Engaging employees in action planning pays off big
It’s important for employees to have a strong work-life balance. Doing so can reduce stress and significantly decrease other health risks in a person’s life. It also allows employees to get more satisfaction out of doing their job, making the work more meaningful and effective.
With this in mind, one section in the Department of Executive Services decided to use the results from the 2015 Employee Survey as a turning point to tackle an ongoing issue – telecommuting. Carmel Call, the Director of the Business Resource Center (BRC), explains that the topic had previously come up multiple times, but had not been addressed in a thorough, more direct manner.
“We had ad-hoc telecommuting in place, but the feedback we received was staff felt nervous about asking for it,” she said. “There was apprehension and tension around the subject.”
After a series of briefing sessions with the full BRC team, staff decided to make telecommuting a reality. Using the resources available to supervisors and managers, an advisory team was organized that would devise an action plan to suit everyone. Building in check points throughout the plan allowed the advisory team to take items back to their teams for feedback and input. Eventually, this became a three month pilot to test policies and procedures developed for telecommuting.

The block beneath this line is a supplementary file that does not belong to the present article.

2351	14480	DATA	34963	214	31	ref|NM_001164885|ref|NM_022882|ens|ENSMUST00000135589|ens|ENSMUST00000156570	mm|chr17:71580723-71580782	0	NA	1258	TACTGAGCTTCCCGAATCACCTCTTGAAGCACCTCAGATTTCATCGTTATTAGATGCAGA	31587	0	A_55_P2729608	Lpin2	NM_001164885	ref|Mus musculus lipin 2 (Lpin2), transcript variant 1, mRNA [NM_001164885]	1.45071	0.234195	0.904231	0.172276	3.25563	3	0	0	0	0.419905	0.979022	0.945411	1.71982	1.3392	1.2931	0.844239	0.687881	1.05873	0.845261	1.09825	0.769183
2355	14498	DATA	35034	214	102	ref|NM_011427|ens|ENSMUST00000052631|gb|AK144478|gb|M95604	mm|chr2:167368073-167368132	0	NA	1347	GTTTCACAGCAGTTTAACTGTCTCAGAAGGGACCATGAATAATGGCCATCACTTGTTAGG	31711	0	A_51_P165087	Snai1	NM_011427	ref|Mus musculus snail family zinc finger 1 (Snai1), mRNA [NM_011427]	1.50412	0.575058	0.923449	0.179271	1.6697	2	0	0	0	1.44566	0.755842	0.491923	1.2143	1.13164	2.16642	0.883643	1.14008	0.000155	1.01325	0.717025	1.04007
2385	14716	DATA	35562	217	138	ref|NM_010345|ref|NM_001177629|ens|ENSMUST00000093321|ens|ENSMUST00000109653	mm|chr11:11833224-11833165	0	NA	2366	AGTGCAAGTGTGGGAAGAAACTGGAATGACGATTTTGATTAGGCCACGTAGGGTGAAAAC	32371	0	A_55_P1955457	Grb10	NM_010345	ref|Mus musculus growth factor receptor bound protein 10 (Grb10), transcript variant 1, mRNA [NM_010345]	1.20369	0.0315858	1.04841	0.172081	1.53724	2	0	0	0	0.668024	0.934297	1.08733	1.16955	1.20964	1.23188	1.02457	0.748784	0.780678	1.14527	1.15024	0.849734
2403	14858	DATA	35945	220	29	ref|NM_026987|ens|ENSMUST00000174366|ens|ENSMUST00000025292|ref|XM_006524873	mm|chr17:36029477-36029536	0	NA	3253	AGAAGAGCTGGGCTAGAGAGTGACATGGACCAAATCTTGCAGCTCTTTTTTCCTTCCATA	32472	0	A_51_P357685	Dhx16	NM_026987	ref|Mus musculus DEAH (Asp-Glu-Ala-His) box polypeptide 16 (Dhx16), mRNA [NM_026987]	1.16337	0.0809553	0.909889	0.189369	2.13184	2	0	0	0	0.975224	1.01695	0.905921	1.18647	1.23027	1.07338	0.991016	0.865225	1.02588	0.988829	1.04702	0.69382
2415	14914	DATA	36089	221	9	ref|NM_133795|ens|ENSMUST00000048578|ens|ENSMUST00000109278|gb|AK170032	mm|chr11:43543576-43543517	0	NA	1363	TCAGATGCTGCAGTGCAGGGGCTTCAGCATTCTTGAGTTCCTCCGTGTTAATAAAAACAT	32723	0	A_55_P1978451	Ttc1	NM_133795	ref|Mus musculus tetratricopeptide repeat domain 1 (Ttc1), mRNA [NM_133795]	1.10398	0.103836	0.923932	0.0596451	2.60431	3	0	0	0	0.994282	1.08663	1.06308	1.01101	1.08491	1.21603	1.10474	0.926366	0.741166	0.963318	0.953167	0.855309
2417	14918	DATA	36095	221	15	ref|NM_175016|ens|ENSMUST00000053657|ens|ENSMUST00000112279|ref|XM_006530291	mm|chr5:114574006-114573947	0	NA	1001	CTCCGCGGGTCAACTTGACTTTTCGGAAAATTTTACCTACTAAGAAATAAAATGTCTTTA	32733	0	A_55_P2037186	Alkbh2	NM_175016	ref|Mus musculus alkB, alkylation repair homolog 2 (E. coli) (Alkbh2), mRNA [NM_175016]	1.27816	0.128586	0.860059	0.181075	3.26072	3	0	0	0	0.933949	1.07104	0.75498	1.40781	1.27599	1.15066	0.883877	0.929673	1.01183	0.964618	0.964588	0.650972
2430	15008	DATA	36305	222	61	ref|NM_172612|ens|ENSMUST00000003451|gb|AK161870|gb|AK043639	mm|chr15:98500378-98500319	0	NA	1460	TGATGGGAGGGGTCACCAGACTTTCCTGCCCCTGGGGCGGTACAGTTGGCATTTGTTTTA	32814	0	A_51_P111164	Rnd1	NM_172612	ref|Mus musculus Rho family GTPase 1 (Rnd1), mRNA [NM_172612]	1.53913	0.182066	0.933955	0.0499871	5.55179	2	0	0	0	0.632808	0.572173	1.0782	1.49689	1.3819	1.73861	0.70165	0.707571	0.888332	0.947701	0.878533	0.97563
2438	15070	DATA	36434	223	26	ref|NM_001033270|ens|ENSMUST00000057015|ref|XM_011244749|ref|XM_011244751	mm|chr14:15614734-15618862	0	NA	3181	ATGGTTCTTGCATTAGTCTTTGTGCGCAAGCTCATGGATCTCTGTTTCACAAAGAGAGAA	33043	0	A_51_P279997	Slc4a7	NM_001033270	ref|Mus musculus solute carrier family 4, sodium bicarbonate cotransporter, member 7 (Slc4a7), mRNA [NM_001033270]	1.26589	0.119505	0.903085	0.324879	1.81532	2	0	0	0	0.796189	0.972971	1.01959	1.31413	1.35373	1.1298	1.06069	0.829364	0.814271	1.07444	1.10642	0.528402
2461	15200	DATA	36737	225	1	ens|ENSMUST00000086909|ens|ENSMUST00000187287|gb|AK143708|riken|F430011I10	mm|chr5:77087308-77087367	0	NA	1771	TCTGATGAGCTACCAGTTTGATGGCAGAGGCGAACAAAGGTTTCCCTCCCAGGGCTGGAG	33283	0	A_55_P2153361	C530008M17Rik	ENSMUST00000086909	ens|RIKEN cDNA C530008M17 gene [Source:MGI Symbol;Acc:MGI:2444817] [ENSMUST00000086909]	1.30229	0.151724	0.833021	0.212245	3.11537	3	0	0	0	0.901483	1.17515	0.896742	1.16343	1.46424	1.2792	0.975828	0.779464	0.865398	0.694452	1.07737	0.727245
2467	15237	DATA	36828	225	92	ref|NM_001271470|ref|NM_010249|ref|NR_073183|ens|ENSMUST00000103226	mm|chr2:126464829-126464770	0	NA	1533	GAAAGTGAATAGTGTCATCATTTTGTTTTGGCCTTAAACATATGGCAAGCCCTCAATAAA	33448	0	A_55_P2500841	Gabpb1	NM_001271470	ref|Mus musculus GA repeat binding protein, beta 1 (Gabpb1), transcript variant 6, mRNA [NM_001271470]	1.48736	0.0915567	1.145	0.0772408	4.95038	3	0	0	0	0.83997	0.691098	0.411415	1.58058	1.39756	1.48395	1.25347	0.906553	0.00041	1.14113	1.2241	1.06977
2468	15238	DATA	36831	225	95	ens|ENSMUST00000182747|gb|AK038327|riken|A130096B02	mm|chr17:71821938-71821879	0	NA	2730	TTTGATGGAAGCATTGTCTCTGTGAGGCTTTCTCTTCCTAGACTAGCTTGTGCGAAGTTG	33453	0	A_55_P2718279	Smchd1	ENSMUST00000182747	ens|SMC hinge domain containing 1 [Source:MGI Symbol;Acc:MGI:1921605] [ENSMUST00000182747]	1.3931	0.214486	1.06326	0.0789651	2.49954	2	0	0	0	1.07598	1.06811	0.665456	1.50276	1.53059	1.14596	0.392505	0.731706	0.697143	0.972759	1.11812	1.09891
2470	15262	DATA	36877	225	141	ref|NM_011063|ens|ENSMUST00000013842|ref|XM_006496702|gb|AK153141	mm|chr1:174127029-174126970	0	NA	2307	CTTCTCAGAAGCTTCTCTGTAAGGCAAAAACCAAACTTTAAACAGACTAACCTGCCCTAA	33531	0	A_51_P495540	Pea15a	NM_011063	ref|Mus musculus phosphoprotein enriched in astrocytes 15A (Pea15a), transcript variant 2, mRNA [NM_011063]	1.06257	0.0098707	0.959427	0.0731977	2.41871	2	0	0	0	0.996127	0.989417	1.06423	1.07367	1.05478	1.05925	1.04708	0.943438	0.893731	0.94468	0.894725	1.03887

“To make it successful we encouraged communication and inclusion,” said Carmel. “All employees were engaged in providing feedback.”
“We called it our Fair and Equitable Telecommuting Pilot.”
With the title featuring the terms “fair and equitable,” staff felt more confident this pilot would be successful, and would take into account different work styles and situations. Throughout the three months, Carmel and her team noticed work quality and productivity did not suffer or lag. Staff continued to be just as effective as before, the only change being their work site.
“People were more conscious of each other and communicated better,” said Carmel. “All that’s changed is their work location.”
Carmel adds that the real issue had been building trust and understanding of every employee’s situation.
“Trusting staff to do the right thing is really appreciated,” she said. “We’re trusting staff to get the work done, and as highly professional, mature adults with IT expertise, they are.”
The pilot has been a huge success. After the three month test period, from May to July, it is now in full effect. Carmel and her team have worked through the challenges and look forward to how this new work-life balance opportunity will benefit staff. The team also continues to improve the process, building their own tips and tricks to optimize use of communications technology and access.
“We wanted to include staff in designing the solution to make it work and to achieve a fair and equitable adoption and sharing of telecommute days,” she said. “We picked this as our one thing since it received the highest number of votes that we heard staff wanted to work on.”
“By prioritizing our objectives and agreeing as a group on terms for this pilot project, we were able to get good results. Work-life balance is huge, and now each member of our team has a day that they can work from home.”